I do believe using a single mast head VHF antenna is a good thing... adding a second antenna somewhere near deck level doesn't seem all that reliable to me... and one less hole in the deck... and the mast head antenna means I can see those big ships (or another small boat like me)... and they can see me... long before either of us gets close enough to need to change course. I can simply slow down a wee bit as needed to let them pass.

    The integrated GPS is cool too... less wiring... less dependencies... higher reliability all around.

  3. #13
    Join Date
    May 2009
    Location
    San Francisco
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    68

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    On display/alarm for the AIS... I started with a Watchmate... which clearly has all the bells and whistles... several options on when the alarm will go off... but I find I no longer use it. Mostly because it does take a bit of thinking to set it up... and "relearn" it after not using it for a few months. And I have to run below to deal with it when the alarm goes off. Today I just have the AIS wired (NMEA 0183) into my on deck chart plotter (little 5 inch $600 Garmin)... and just use the Garmin's simple AIS proximity alarm. Its simple and the chart plotter is easier/clearer to see who the AIS targets are and what the targets are doing then the Watchmate was. Especially true for deliveries when I have less experienced crew keeping an eye on things (or when alone and I am overly tired and thinking slow). And the chart plotter is on deck where I can see it while I look for the targets with my real eyes.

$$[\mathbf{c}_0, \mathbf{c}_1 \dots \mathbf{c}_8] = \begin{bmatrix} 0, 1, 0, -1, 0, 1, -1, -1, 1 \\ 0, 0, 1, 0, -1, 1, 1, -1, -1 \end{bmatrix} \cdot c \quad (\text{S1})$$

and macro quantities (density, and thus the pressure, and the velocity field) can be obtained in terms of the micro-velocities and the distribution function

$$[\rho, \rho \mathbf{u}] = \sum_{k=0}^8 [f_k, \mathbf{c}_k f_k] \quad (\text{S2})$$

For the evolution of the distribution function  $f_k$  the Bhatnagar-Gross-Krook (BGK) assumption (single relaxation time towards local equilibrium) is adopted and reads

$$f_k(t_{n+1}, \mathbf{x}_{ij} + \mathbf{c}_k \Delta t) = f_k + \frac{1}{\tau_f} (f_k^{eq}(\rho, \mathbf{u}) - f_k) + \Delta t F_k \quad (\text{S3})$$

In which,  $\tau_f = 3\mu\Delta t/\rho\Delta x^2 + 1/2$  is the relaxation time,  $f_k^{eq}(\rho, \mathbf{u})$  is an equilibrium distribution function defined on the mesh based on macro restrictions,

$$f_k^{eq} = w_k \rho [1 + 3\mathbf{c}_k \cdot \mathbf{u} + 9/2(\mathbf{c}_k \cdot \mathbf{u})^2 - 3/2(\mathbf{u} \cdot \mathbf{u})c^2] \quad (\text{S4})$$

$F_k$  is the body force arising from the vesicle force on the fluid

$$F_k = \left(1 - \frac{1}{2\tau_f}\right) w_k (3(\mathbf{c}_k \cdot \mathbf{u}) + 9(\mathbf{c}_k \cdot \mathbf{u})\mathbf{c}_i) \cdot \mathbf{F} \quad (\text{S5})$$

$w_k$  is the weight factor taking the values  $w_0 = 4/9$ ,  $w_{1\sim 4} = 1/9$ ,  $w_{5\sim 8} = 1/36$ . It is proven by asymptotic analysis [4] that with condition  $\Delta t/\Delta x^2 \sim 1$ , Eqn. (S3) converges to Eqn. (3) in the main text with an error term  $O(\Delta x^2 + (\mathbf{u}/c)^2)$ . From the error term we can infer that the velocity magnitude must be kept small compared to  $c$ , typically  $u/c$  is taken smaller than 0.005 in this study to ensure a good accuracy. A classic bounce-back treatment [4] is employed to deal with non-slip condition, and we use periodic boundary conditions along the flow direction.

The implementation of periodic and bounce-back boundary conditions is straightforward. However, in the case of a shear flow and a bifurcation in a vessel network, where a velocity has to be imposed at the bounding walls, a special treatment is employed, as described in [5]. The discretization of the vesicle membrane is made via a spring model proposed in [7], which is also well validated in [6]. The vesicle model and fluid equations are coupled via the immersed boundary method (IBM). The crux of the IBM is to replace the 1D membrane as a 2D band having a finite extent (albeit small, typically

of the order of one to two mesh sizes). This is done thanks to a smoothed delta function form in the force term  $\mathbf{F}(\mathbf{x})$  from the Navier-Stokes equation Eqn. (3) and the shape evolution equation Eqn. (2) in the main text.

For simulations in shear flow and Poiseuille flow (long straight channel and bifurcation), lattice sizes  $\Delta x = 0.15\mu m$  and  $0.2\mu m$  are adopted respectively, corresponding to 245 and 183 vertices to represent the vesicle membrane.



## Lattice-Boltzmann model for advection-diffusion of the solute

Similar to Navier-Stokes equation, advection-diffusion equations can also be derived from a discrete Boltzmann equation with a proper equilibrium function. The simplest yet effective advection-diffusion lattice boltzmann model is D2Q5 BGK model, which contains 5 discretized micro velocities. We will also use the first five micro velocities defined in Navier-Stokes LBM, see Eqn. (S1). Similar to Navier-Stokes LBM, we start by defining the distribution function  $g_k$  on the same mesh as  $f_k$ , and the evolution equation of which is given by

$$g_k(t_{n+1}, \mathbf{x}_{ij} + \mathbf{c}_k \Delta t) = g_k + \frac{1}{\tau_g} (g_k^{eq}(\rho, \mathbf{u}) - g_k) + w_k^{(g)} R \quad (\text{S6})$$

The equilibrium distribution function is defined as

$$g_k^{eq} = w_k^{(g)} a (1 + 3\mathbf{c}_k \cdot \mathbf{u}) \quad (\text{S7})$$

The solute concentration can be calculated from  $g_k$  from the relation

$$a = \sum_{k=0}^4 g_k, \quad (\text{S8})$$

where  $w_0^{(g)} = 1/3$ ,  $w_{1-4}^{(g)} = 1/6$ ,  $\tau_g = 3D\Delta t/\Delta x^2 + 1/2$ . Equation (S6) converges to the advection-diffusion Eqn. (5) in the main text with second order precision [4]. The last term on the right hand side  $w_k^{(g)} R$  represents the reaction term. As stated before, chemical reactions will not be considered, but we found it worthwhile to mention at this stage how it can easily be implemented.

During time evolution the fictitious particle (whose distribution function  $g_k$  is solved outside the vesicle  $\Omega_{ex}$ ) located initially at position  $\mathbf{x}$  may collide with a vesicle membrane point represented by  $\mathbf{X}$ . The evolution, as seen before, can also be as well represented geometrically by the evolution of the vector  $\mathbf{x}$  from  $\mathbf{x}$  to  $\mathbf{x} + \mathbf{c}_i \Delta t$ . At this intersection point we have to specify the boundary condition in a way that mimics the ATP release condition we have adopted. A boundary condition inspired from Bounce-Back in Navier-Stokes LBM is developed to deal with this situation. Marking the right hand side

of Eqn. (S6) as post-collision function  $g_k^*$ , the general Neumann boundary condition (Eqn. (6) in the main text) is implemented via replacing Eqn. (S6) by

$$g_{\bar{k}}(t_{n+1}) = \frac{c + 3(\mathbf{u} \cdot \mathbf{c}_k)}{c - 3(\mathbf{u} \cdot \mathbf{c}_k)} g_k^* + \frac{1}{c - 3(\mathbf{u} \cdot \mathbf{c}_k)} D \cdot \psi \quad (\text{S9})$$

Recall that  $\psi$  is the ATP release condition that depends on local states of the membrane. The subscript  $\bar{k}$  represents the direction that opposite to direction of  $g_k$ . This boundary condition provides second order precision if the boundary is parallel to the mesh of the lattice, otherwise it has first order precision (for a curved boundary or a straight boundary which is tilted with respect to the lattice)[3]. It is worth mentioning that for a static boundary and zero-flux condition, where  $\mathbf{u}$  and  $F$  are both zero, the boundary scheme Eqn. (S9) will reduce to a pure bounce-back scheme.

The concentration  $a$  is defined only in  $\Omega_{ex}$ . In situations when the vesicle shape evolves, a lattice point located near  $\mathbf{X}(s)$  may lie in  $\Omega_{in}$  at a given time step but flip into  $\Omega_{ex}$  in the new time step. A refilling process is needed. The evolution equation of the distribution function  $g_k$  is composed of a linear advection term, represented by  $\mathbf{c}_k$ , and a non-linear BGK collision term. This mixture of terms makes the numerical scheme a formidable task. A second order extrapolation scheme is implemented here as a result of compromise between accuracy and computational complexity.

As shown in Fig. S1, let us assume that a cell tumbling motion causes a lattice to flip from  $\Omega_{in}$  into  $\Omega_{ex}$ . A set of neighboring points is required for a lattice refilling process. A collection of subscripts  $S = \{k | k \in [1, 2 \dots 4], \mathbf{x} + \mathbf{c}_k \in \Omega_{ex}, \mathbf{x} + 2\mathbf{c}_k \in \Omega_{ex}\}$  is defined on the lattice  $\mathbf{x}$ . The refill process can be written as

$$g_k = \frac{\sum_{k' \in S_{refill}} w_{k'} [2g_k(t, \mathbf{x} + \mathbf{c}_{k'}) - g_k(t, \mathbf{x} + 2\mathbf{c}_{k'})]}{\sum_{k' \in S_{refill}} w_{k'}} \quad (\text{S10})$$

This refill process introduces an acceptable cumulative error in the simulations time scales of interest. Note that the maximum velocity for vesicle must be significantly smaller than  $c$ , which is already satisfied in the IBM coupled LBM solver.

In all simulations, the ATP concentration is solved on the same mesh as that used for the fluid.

4. #14
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    Sep 2007
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    Quote Originally Posted by JimQuanci View Post
    I did a bunch of testing on the effect the splitter has on signal strength... not with instruments but just by calling a friend by VHF and asking for his subjective opinion on strength/clarity... the splitter did effect signal strength a bit (it was noticeable but not severe) - and putting the AIS in "silent mode" gave me full VHF signal strength back (no idea why that is... not obvious to me how that would effect the splitter).
    .
    Interesting, I looked at the spec on the MillTech splitter, it indicated <3db signal loss. <3db could be nearly 1/2 your transmitted power is lost. That seems surprising. While the single antenna notion is a good one, simplicity, wire,........ one gives up a lot of power to achieve that. Hopefully someone can do a more efficient splitter soon.

  5. #15
    Join Date
    Jan 2008
    Location
    Santa Rosa
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    576

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    I have a Standard Horizon GX2000 in the nav compartment (ex-head compartment) wired into my Garmin GPSMAP 478 with a Standard Horizon Ram 3 Remote Access Microphone in the cockpit. It's receive only of course. The Ram 3's screen is small, but it shows all the AIS information. It can also controls the GX2100 in the cabin. The Ram 3 was only about $100. The radio/AIS receiver uses the same masthead VHF antenna. It worked on the way to Hawaii in 2010 and it continues to work for SSS/OYRA races - and for those foggy days on the Bay.